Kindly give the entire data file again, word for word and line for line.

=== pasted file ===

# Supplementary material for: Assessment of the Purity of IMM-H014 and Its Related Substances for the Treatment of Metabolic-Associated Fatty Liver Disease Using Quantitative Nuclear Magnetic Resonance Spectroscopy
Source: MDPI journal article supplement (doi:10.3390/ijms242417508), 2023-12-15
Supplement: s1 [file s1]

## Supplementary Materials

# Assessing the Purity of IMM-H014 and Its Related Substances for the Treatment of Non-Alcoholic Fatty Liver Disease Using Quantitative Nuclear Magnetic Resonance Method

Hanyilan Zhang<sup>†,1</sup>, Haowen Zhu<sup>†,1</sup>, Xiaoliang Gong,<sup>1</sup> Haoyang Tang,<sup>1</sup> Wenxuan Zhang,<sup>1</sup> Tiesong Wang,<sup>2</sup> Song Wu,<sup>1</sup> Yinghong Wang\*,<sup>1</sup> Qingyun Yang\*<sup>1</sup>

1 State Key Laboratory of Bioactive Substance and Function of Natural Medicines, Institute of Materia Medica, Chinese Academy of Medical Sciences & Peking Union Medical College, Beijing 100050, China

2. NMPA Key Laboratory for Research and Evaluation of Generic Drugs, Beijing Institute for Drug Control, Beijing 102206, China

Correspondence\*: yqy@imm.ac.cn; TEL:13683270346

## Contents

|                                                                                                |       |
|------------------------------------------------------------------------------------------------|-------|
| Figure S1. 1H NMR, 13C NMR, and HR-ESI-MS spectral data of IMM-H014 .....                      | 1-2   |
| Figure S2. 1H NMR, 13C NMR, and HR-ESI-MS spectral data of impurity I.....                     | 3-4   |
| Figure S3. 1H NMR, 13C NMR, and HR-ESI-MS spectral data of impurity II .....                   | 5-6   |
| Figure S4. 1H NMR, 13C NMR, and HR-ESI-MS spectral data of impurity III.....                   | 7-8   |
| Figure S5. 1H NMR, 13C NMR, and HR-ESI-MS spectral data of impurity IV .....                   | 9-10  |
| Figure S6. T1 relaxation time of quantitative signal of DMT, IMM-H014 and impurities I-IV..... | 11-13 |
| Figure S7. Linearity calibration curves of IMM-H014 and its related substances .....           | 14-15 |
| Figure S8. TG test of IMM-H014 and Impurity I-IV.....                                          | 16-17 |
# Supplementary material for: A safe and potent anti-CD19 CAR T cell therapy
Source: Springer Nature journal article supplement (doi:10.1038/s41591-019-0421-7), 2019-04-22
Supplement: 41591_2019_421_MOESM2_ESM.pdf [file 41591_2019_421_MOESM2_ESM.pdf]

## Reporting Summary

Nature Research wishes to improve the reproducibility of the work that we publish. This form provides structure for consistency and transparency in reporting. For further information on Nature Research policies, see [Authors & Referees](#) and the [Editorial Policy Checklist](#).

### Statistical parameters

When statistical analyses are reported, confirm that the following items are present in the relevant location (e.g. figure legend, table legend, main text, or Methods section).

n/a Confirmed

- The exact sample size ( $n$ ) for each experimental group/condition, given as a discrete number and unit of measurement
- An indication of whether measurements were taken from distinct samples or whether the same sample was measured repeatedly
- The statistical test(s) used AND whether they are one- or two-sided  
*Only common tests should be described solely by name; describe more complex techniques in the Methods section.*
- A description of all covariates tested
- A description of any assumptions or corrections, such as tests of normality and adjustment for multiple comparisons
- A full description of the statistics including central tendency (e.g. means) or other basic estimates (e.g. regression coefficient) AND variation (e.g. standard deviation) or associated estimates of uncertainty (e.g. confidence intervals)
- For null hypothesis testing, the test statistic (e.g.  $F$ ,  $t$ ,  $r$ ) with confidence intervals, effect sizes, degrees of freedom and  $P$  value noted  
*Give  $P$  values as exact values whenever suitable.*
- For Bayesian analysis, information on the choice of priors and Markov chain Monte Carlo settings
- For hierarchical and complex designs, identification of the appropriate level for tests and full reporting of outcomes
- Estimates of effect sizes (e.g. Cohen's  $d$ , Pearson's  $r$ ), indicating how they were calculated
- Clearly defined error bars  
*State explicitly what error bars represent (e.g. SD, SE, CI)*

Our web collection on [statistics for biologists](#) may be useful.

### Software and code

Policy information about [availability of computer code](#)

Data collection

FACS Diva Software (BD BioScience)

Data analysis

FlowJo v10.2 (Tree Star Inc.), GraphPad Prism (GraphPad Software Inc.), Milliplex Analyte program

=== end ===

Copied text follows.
# Supplementary material for: Assessment of the Purity of IMM-H014 and Its Related Substances for the Treatment of Metabolic-Associated Fatty Liver Disease Using Quantitative Nuclear Magnetic Resonance Spectroscopy
Source: MDPI journal article supplement (doi:10.3390/ijms242417508), 2023-12-15
Supplement: s1 [file s1]

## Supplementary Materials

# Assessing the Purity of IMM-H014 and Its Related Substances for the Treatment of Non-Alcoholic Fatty Liver Disease Using Quantitative Nuclear Magnetic Resonance Method

Hanyilan Zhang<sup>†,1</sup>, Haowen Zhu<sup>†,1</sup>, Xiaoliang Gong,<sup>1</sup> Haoyang Tang,<sup>1</sup> Wenxuan Zhang,<sup>1</sup> Tiesong Wang,<sup>2</sup> Song Wu,<sup>1</sup> Yinghong Wang\*,<sup>1</sup> Qingyun Yang\*<sup>1</sup>

1 State Key Laboratory of Bioactive Substance and Function of Natural Medicines, Institute of Materia Medica, Chinese Academy of Medical Sciences & Peking Union Medical College, Beijing 100050, China

2. NMPA Key Laboratory for Research and Evaluation of Generic Drugs, Beijing Institute for Drug Control, Beijing 102206, China

Correspondence\*: yqy@imm.ac.cn; TEL:13683270346

## Contents

|                                                                                                |       |
|------------------------------------------------------------------------------------------------|-------|
| Figure S1. 1H NMR, 13C NMR, and HR-ESI-MS spectral data of IMM-H014 .....                      | 1-2   |
| Figure S2. 1H NMR, 13C NMR, and HR-ESI-MS spectral data of impurity I.....                     | 3-4   |
| Figure S3. 1H NMR, 13C NMR, and HR-ESI-MS spectral data of impurity II .....                   | 5-6   |
| Figure S4. 1H NMR, 13C NMR, and HR-ESI-MS spectral data of impurity III.....                   | 7-8   |
| Figure S5. 1H NMR, 13C NMR, and HR-ESI-MS spectral data of impurity IV .....                   | 9-10  |
| Figure S6. T1 relaxation time of quantitative signal of DMT, IMM-H014 and impurities I-IV..... | 11-13 |
| Figure S7. Linearity calibration curves of IMM-H014 and its related substances .....           | 14-15 |
| Figure S8. TG test of IMM-H014 and Impurity I-IV.....                                          | 16-17 |
# Supplementary material for: A safe and potent anti-CD19 CAR T cell therapy
Source: Springer Nature journal article supplement (doi:10.1038/s41591-019-0421-7), 2019-04-22
Supplement: 41591_2019_421_MOESM2_ESM.pdf [file 41591_2019_421_MOESM2_ESM.pdf]

## Reporting Summary

Nature Research wishes to improve the reproducibility of the work that we publish. This form provides structure for consistency and transparency in reporting. For further information on Nature Research policies, see [Authors & Referees](#) and the [Editorial Policy Checklist](#).

### Statistical parameters

When statistical analyses are reported, confirm that the following items are present in the relevant location (e.g. figure legend, table legend, main text, or Methods section).

n/a Confirmed

- The exact sample size ( $n$ ) for each experimental group/condition, given as a discrete number and unit of measurement
- An indication of whether measurements were taken from distinct samples or whether the same sample was measured repeatedly
- The statistical test(s) used AND whether they are one- or two-sided  
*Only common tests should be described solely by name; describe more complex techniques in the Methods section.*
- A description of all covariates tested
- A description of any assumptions or corrections, such as tests of normality and adjustment for multiple comparisons
- A full description of the statistics including central tendency (e.g. means) or other basic estimates (e.g. regression coefficient) AND variation (e.g. standard deviation) or associated estimates of uncertainty (e.g. confidence intervals)
- For null hypothesis testing, the test statistic (e.g.  $F$ ,  $t$ ,  $r$ ) with confidence intervals, effect sizes, degrees of freedom and  $P$  value noted  
*Give  $P$  values as exact values whenever suitable.*
- For Bayesian analysis, information on the choice of priors and Markov chain Monte Carlo settings
- For hierarchical and complex designs, identification of the appropriate level for tests and full reporting of outcomes
- Estimates of effect sizes (e.g. Cohen's  $d$ , Pearson's  $r$ ), indicating how they were calculated
- Clearly defined error bars  
*State explicitly what error bars represent (e.g. SD, SE, CI)*

Our web collection on [statistics for biologists](#) may be useful.

### Software and code

Policy information about [availability of computer code](#)

Data collection

FACS Diva Software (BD BioScience)

Data analysis

FlowJo v10.2 (Tree Star Inc.), GraphPad Prism (GraphPad Software Inc.), Milliplex Analyte program